Legal Responses to Violence Against Women in Canada
'Legal Responses to Violence Against Women', reprinted in Barbara A. Crow and Lise Gotell, eds., 'Open Boundaries: A Canadian Women’s Studies Reader' (2d ed.) Toronto: Pearson Education, pp. 256-267, 2004
19 Pages Posted: 16 Sep 2013
Date Written: 2004
Any history of the development and changes in the law as it relates to women and male violence is also a chronicle of the history of the women’s movement and its relationship to law. All of the legislation and policy that recognizes women’s rights to be free of male violence has been put in place because of the political strength and persistence of the women’s movement in our country. While this movement has always articulated women’s issues and rights in the context of equality, the repatriation of Canada’s constitution in 1982 from Great Britain (Constitution Act) and, specifically, the enshrinement of women’s equality rights in ss.15 and 28 of the Canadian Charter of Rights and Freedoms, for the first time created a specific legal tool by which to advance these claims.
In spite of our many legal advances, violence against women has not subsided in Canada because women’s vulnerability to male violence and our ability to harness law are inextricably linked to women’s social, economic and political position in Canada, in relation to those who hold power. Thus, while law is an important tool in advancing women’s equality rights, law alone cannot end this violence until all women’s equality is fully realized.
Before I commence, I would like to define my terms. First, when I speak of feminists or the women’s movement in Canada, I am speaking of women who accept and recognize the existence of women’s subordination economically, socially and politically, and who have a commitment to engage in struggle, of one sort or another, to change women’s inequality. This movement is aimed at achieving equality for all women and recognizes that women do not experience uniformly the benefits or disadvantages of sex but, rather, are differentially affected by white supremacy, class privilege, the heterosexual presumption, and the “norms” of ability.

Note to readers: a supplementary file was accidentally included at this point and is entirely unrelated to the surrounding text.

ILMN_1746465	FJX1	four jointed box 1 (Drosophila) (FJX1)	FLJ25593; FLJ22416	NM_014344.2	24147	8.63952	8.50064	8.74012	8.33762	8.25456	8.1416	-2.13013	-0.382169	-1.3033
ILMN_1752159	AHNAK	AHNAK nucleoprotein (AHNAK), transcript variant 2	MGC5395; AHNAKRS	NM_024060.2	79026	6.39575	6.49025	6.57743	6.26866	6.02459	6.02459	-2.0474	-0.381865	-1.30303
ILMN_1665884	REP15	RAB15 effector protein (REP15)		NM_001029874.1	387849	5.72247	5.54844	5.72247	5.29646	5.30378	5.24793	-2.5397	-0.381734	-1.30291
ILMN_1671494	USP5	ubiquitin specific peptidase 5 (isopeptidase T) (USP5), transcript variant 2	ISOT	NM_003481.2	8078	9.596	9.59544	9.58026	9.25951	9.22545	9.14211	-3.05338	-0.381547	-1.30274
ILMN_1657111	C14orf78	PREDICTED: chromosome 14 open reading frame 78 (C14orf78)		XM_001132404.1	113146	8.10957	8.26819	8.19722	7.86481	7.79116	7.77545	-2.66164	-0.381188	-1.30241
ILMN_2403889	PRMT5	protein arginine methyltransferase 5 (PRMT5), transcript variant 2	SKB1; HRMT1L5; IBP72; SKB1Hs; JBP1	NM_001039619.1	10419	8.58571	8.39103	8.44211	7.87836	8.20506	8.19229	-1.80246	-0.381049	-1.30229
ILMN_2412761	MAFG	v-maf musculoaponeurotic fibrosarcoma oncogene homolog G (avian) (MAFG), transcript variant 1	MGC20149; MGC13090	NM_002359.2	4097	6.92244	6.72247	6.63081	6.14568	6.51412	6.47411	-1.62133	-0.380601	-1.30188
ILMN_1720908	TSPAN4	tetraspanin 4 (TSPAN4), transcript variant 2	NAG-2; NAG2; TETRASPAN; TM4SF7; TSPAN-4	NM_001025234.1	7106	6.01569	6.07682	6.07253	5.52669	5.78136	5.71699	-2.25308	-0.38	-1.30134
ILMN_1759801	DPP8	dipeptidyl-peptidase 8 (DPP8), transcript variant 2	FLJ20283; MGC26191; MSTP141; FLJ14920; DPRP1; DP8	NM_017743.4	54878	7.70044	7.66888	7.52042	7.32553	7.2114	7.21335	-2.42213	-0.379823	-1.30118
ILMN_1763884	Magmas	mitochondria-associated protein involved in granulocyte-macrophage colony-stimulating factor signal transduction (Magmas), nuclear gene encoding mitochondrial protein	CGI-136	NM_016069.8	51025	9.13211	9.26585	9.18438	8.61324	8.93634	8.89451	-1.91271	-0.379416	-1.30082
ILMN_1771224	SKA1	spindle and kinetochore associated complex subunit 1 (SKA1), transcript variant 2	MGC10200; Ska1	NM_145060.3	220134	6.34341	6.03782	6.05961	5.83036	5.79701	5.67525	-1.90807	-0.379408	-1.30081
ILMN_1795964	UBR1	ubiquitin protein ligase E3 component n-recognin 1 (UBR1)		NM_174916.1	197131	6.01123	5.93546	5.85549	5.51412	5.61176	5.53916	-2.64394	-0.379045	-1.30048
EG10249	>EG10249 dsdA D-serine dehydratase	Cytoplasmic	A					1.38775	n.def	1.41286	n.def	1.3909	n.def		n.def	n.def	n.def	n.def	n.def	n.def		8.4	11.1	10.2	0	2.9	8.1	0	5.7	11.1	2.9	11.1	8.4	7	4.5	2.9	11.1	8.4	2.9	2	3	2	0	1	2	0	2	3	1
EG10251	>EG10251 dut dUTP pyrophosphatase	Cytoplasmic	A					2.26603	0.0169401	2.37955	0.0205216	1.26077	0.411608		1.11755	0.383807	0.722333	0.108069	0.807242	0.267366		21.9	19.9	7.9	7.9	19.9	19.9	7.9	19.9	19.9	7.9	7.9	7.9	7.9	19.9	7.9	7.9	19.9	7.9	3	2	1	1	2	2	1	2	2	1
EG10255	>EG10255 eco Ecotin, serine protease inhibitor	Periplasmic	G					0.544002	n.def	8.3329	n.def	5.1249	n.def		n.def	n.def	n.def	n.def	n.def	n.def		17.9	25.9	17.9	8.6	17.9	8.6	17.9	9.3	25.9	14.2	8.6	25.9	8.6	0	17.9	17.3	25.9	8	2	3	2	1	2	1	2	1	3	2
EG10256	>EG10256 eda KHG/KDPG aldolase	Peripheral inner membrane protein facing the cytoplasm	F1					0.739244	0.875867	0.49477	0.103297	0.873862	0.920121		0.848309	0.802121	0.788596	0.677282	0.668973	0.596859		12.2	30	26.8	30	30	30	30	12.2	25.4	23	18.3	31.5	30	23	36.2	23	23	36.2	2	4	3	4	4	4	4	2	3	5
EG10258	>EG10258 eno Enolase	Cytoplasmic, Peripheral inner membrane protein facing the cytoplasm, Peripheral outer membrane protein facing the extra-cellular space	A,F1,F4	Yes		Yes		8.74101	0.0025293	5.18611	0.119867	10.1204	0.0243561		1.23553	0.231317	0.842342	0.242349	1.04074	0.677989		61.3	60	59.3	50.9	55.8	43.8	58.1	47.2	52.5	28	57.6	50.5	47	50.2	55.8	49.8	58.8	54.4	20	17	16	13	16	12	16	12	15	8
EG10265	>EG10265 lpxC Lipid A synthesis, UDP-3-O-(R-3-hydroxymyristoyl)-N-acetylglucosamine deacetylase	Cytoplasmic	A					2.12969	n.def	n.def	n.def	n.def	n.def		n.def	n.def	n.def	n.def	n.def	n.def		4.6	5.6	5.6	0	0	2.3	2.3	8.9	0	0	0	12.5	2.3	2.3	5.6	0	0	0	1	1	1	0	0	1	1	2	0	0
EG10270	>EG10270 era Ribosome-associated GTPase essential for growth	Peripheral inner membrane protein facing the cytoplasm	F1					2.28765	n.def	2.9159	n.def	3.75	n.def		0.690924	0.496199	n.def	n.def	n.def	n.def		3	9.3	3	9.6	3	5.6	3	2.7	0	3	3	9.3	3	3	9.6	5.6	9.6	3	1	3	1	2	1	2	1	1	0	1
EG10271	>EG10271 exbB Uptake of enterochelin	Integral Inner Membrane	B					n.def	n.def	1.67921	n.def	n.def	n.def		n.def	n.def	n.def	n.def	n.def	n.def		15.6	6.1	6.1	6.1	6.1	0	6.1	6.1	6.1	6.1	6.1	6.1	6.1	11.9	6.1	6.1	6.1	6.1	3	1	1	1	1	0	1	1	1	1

Second, when I speak of women’s equality, I am referring to the idea of substantive equality. The difference between formal and substantive equality is that while formal equality merely insists on equality of treatment (and only to the extent that the decision-maker agrees that the two groups are similarly situated), substantive equality looks to the end result. Are women and men in a given society equal recipients of the benefits and burdens of that society? Among women, are we equally credible when we speak in the justice system? Are we equally free of violent assault? Sometimes, the most productive route to substantive equality will be to use formal equality or equal treatment as a tool; at other times, the specific conditions of women’s lives, including, for example, the threat and impact of male violence or racialized abuse experience by African-Canadian women, will require very particular rules or practices to move us toward equality.
Third, when I speak of law, I am using the term broadly, to refer to the law as drafted by legislators, as interpreted by judges in the common law or by jurors as finders of facts in trials, and as implemented by those who enforce the law and wield a great deal of discretion, such as police and prosecutors. Thus the women’s movement has recognized that the achievement of reforms in statutes or even in constitutions does not guarantee that those laws will become a lived reality, for police can refuse to take reports or can discredit women’s accounts of violence; prosecutors can decide which cases to pursue, based on their perhaps discriminatory beliefs or on their prediction that the case will fail in court due to the discriminatory beliefs of others; judges can effectively nullify a law through narrow interpretations, through the creation of common law defenses that uphold male supremacy, through the use of constitutional doctrines, through rulings on the evidence, and through instructions to the jury; and, even if a conviction is imposed, a judge can undermine its symbolism by imposing a sentence that makes a mockery of the conviction. Because of all these ways that law works, women’s advocates must be prepared for a long term process of both political struggle and legal engagement.
Keywords: women, men, violence, women's movement, law, equality, Canada, Constitution, ss. 15, ss. 28, Charter of RIghts and Freedoms, vulnerability, male violence, social, economic, political, inequality, white supremacy, class privilege, heterosexual presumption, norms, substantive equality, reforms, law
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